The benefit of screening for decreasing the risk of death from colorectal cancer (CRC) has been shown, yet many patients in primary care are still not undergoing screening according to guidelines. There are known variations in delivery of preventive health care services among primary care physicians. This study compared self-reported CRC screening rates and patient awareness of the need for CRC screening of patients receiving care from family medicine (FPs) vs. internal medicine (internists) physicians.
Nationally representative sample of non-institutionalized beneficiaries who received medical care from FPs or internists in 2006 (using Medicare Current Beneficiary Survey). The main outcome was the percentage of patients screened in 2007. We also examined the percentage of patients offered screening.
Patients of FPs, compared to those of internists, were less likely to have received an FOBT kit or undergone home FOBT, even after accounting for patients' characteristics. Compared to internists, FPs' patients were more likely to have heard of colonoscopy, but were less likely to receive a screening colonoscopy recommendation (18% vs. 27%), or undergo a colonoscopy (43% vs. 46%, adjusted odds ratios [AOR], 95% confidence interval [CI]-- 0.65, 0.51-0.81) or any CRC screening (52% vs. 60%, AOR, CI--0.80, 0.68-0.94). Among subgroups examined, higher income beneficiaries receiving care from internists had the highest screening rate (68%), while disabled beneficiaries receiving care from FPs had the lowest screening rate (34%).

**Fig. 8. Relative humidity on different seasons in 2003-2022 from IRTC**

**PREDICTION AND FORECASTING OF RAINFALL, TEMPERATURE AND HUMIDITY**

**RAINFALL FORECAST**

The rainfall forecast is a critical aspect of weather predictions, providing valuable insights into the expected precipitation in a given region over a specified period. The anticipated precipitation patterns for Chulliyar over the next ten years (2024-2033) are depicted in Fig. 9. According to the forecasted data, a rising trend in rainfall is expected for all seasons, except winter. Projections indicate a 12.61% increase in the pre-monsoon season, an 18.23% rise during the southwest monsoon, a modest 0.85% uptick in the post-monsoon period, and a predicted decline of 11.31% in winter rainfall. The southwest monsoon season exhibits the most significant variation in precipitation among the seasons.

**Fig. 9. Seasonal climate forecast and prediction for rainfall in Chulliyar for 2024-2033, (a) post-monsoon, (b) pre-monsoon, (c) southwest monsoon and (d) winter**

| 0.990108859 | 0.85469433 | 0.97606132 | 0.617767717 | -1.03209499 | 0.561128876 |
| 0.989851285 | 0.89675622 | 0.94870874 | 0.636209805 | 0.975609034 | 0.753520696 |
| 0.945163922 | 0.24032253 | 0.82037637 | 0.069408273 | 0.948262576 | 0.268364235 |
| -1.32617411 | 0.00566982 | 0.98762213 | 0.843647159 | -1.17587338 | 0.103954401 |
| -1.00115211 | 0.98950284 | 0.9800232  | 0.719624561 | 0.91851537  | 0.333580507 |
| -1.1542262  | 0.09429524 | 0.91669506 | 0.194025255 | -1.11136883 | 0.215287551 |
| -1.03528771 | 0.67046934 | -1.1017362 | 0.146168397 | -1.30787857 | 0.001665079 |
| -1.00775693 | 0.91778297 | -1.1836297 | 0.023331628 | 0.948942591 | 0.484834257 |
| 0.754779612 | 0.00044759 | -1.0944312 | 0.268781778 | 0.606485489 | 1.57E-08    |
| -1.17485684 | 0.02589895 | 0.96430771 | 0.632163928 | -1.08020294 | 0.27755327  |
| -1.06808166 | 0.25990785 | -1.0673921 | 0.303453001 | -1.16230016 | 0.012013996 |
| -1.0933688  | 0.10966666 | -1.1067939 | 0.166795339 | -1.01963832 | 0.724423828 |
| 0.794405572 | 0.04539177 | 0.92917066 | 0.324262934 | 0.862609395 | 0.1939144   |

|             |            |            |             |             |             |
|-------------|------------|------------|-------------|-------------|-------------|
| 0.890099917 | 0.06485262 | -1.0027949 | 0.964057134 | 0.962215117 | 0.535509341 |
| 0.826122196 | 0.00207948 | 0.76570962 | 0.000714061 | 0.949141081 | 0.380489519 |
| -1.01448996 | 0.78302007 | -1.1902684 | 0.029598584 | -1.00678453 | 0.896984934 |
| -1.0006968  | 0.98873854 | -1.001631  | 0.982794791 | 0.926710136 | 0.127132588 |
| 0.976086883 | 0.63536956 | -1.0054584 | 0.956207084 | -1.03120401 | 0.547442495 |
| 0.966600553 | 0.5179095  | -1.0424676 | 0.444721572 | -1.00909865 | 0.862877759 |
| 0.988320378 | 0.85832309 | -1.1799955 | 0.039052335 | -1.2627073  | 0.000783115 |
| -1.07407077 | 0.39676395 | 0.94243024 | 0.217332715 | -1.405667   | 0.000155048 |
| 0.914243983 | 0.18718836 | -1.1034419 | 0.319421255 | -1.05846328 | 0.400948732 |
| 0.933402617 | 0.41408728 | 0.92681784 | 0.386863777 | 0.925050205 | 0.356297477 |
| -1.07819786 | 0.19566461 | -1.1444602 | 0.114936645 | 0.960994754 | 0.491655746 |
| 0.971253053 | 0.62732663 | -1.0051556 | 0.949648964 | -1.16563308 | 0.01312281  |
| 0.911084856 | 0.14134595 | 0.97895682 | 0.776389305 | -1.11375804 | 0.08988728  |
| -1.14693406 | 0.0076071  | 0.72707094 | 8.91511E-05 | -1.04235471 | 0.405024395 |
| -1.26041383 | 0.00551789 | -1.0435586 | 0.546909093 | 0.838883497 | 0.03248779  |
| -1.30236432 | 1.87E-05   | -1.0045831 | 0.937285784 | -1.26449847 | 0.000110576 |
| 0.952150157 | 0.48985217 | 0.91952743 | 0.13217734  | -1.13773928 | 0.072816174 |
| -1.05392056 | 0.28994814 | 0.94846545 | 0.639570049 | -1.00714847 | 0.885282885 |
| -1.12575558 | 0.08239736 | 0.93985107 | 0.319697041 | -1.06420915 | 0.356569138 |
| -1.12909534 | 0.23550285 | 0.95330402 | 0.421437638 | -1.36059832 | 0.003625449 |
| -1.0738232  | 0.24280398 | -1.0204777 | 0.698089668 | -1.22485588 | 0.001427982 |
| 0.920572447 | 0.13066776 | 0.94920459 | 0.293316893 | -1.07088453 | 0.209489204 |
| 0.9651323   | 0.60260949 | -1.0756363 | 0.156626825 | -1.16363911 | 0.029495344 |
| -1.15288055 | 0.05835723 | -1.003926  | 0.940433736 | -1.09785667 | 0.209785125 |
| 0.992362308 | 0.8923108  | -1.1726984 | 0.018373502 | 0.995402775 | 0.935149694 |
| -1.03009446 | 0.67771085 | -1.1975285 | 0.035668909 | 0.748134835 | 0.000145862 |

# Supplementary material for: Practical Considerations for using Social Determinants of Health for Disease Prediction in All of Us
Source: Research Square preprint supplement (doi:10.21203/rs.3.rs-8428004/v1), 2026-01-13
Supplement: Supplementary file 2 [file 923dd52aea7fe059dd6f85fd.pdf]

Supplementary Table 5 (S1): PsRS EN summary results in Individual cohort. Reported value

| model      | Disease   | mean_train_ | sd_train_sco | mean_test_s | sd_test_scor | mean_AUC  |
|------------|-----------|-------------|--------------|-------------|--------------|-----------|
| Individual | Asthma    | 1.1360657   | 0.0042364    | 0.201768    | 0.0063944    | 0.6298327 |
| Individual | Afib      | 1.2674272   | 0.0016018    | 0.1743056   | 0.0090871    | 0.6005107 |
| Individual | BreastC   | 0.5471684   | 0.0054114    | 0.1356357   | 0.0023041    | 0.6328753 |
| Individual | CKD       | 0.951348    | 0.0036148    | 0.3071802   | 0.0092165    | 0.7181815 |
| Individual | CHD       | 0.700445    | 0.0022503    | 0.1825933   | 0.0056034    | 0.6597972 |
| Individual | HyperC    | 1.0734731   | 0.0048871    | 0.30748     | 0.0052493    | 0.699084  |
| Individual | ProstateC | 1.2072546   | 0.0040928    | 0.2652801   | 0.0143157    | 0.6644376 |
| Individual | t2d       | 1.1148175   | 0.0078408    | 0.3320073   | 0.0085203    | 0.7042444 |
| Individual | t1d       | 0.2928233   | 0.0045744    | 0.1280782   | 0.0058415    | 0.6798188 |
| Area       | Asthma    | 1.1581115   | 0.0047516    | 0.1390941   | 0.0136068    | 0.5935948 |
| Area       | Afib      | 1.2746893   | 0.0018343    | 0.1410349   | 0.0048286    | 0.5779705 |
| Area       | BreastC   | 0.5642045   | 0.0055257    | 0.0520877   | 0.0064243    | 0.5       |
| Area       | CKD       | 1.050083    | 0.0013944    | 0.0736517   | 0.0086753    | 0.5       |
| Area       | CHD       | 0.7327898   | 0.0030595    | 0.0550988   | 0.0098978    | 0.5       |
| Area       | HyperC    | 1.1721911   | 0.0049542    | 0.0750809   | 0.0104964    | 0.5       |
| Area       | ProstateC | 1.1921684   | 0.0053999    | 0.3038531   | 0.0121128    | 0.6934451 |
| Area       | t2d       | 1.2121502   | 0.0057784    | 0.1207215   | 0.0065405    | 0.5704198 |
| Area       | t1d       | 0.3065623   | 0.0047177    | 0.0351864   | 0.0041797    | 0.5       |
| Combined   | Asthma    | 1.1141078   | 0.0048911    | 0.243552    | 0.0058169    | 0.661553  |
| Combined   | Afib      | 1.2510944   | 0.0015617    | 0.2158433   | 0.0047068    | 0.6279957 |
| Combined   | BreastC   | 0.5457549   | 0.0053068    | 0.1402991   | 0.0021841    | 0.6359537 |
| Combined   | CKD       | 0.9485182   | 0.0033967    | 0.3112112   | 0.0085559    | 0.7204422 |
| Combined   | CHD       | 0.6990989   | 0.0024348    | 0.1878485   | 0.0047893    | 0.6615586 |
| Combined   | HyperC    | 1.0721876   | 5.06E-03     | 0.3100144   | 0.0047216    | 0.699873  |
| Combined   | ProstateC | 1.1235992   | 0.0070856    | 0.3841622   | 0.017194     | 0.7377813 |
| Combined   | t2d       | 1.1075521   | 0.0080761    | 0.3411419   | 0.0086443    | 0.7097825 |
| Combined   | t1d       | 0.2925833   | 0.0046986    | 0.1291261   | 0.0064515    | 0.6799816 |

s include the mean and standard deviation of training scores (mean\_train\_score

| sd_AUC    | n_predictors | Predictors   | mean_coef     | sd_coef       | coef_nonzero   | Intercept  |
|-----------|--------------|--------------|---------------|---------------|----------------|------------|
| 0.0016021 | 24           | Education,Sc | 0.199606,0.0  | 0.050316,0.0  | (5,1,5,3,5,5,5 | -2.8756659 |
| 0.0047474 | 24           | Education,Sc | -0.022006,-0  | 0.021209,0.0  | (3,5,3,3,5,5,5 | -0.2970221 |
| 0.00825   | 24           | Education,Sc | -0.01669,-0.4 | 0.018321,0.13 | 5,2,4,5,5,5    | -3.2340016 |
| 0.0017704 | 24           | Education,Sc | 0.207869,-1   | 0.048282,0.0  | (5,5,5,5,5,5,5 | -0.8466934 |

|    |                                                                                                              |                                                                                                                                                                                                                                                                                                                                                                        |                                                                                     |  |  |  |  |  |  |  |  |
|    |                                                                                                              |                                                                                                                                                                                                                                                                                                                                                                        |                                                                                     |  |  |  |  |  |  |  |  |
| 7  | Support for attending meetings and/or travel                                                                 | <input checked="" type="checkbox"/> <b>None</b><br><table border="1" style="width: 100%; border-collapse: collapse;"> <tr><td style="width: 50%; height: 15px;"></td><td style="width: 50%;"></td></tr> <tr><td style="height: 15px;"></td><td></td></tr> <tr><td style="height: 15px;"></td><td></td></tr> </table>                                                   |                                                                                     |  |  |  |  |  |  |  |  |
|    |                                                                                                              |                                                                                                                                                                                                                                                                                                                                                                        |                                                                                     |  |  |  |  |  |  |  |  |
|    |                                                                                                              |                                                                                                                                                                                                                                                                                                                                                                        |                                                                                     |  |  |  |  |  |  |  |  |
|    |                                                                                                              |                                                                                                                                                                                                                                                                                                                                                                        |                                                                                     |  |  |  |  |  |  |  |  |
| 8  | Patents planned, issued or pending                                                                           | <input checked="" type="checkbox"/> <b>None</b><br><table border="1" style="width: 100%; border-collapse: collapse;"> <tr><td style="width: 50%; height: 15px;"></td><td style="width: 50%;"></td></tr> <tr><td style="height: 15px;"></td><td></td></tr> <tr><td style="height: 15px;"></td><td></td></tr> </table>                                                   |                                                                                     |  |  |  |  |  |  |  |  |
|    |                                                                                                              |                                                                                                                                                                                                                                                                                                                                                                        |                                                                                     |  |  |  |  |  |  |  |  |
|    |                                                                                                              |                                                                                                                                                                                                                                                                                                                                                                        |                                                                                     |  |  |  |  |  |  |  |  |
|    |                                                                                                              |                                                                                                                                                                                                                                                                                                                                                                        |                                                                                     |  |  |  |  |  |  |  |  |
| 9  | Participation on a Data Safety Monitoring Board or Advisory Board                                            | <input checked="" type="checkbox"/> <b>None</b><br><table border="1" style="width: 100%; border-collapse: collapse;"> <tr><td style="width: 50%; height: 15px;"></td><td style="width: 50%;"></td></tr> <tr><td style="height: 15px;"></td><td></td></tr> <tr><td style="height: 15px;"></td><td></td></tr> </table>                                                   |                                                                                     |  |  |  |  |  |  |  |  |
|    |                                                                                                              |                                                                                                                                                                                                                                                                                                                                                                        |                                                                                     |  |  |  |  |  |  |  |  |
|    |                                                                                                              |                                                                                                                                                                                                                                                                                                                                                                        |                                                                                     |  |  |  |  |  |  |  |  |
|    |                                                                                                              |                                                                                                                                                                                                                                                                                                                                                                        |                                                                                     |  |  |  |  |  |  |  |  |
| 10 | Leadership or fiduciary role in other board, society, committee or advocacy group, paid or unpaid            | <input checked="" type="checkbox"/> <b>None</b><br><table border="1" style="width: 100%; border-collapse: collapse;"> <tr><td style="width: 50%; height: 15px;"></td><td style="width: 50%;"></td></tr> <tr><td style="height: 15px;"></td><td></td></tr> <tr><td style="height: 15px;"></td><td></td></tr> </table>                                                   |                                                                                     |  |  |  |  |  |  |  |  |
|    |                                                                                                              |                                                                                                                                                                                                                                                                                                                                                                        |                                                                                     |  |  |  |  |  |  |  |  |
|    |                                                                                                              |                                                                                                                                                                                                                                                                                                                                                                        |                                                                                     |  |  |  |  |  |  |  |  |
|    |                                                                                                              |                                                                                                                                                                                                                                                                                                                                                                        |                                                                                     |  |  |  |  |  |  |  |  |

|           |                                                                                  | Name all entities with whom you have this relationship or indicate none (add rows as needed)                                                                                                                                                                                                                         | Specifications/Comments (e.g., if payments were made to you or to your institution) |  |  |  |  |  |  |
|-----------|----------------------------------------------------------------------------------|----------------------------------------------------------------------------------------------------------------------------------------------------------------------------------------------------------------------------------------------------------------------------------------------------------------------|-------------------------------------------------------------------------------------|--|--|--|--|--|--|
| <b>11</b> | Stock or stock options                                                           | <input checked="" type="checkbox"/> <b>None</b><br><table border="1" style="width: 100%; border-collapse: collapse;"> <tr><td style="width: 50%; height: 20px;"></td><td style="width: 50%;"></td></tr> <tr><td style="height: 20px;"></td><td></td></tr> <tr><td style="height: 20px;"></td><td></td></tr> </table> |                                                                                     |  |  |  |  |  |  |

Patients cared for by FPs had a lower rate of screening compared to those cared for by internists, despite equal or higher levels of awareness; a difference that remained statistically significant after accounting for socioeconomic status and access to healthcare. Both groups of patients remained below the national goal of 70 percent.
Screening has been shown to decrease the risk of mortality for colorectal cancer (CRC) [1–4]. Although the use of CRC screening has increased in the US, particularly over the past decade [5, 6], for many groups, screening rates are below the Healthy People goal of 70% . Primary care physicians (PCPs) play an important role in the delivery of CRC screening services [6, 8–12] by advising, recommending, performing and/or referring patients for screening . It is therefore not surprising that studies have consistently reported a strong association between healthcare provider recommendations for and receipt of CRC screening for persons with a usual source of care [8, 9, 14]. This supports the hypothesis that variations in the delivery of CRC screening services among PCPs have a negative impact on efforts to increase screening rates in the US. However, there are very few published studies on PCP-related variations in CRC screening that simultaneously assess screening rates and physicians' delivery of screening, as reported by patients.